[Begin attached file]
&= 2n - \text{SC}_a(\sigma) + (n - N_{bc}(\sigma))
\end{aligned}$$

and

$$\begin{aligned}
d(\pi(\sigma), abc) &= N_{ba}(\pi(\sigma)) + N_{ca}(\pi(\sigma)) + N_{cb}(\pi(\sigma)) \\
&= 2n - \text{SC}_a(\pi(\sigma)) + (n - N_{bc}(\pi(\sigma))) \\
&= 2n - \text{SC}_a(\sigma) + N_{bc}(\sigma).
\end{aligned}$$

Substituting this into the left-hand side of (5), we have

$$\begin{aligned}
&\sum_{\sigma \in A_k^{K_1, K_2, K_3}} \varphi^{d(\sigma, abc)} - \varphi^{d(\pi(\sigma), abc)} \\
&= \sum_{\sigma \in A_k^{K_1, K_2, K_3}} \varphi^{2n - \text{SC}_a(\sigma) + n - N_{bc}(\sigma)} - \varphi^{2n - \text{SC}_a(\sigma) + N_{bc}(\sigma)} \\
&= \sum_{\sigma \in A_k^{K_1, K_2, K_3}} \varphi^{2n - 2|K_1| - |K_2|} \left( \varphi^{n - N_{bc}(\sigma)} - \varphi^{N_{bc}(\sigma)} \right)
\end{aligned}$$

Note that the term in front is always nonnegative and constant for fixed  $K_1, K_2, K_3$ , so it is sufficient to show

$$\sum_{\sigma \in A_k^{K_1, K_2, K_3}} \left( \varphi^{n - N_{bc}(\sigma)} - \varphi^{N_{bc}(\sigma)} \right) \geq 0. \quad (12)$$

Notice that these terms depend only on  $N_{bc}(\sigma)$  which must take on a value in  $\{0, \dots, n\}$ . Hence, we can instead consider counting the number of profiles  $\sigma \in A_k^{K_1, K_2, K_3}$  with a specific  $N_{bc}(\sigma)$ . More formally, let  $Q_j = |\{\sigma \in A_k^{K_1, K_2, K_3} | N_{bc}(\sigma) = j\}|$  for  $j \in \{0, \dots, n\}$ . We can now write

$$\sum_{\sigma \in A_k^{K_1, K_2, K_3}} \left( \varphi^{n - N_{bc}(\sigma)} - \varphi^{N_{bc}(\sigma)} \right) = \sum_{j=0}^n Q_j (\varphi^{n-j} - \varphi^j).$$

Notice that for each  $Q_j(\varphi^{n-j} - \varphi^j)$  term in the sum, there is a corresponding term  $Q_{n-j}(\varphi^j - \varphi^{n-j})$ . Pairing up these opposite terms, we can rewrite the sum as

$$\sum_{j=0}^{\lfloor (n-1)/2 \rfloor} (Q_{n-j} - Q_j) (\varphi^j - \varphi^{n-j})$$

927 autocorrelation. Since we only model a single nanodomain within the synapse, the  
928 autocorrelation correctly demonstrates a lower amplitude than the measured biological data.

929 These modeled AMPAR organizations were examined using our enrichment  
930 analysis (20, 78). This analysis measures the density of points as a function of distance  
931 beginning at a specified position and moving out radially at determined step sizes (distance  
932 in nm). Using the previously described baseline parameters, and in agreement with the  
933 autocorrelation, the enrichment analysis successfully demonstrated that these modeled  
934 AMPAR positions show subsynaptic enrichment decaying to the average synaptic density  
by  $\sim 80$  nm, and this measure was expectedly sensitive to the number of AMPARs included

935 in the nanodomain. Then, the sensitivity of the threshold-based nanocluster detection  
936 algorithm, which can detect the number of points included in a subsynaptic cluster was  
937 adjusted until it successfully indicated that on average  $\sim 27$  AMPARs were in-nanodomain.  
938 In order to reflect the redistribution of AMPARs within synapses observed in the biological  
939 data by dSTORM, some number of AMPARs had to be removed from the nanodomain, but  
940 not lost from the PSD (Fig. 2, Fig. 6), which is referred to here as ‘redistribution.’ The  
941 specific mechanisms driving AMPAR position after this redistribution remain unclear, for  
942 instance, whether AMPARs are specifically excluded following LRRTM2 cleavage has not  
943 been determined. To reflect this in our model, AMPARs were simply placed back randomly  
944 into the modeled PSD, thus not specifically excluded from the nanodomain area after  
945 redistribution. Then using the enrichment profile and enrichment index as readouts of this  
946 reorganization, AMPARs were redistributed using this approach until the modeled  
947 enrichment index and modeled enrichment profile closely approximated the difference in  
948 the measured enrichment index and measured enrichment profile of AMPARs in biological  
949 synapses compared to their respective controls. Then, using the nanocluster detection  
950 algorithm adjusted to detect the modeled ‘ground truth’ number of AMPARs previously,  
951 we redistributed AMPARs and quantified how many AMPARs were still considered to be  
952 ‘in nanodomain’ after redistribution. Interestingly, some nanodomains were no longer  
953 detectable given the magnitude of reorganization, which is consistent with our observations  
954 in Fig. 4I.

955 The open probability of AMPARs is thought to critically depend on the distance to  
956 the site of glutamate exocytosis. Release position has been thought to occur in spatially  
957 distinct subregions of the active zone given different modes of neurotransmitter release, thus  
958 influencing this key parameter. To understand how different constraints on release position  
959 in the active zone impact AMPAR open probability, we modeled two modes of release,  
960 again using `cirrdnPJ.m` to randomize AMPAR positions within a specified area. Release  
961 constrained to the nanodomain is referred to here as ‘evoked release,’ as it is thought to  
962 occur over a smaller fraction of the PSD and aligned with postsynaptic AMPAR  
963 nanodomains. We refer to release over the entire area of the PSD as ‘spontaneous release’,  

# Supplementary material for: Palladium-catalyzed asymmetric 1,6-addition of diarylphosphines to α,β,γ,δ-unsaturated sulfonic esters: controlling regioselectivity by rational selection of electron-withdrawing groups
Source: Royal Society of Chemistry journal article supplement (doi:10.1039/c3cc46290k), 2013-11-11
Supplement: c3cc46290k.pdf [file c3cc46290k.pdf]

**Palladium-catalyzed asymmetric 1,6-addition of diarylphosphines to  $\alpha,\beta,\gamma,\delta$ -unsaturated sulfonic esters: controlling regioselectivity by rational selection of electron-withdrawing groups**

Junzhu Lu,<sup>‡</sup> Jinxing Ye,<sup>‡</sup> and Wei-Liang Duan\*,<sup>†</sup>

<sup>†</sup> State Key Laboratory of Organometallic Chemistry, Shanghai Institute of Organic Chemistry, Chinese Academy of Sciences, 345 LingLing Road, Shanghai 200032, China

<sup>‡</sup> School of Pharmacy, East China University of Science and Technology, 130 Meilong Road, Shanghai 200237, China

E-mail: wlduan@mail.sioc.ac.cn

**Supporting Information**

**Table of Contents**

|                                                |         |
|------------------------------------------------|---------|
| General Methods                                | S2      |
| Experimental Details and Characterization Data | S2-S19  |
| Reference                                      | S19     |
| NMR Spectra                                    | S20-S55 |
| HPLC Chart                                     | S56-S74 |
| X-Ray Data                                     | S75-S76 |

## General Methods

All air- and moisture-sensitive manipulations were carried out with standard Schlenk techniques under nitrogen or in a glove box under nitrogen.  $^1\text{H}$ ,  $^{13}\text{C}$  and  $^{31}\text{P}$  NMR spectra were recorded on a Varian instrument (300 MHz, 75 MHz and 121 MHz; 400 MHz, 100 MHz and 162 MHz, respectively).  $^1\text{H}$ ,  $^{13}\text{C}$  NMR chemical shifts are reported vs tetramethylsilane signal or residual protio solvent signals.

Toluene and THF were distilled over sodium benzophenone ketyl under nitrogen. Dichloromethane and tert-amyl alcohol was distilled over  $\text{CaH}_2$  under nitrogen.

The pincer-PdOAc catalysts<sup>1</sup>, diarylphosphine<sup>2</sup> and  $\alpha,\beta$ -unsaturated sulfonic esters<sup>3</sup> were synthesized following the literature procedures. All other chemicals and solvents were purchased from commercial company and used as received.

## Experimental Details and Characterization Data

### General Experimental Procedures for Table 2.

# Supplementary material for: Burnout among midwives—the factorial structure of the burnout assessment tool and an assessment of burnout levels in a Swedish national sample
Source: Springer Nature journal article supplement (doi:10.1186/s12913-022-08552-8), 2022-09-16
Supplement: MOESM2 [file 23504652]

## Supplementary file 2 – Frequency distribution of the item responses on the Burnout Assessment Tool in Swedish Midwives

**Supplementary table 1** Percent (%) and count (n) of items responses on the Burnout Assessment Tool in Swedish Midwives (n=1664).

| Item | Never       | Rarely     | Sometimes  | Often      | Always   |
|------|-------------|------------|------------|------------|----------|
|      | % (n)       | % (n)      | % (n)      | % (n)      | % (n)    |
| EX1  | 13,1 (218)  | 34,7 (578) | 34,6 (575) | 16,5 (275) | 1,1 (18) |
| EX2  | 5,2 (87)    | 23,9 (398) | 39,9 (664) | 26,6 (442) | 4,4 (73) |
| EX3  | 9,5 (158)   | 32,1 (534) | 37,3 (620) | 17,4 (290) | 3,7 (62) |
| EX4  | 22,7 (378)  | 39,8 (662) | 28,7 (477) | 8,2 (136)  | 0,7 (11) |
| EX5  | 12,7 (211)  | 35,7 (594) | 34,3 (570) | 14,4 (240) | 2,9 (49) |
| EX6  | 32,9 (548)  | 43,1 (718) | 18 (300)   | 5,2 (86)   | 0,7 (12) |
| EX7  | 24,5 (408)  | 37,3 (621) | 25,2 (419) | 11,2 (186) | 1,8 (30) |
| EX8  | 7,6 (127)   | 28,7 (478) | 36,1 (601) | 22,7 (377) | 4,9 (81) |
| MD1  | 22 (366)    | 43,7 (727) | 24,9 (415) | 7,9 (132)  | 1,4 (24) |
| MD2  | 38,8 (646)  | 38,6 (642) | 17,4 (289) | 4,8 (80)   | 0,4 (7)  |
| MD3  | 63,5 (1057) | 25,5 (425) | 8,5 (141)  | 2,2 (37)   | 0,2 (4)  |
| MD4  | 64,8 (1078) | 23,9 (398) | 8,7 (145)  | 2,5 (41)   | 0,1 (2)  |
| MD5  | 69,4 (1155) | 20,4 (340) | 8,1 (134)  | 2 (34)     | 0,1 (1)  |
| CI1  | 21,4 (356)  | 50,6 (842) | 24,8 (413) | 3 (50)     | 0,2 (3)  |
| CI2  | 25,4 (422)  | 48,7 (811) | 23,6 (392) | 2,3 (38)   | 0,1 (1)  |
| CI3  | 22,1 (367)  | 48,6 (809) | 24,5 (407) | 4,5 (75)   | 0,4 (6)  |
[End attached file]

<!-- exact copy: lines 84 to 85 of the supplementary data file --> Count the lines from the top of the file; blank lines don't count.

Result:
Source: Springer Nature journal article supplement (doi:10.1186/s12913-022-08552-8), 2022-09-16
Supplement: MOESM2 [file 23504652]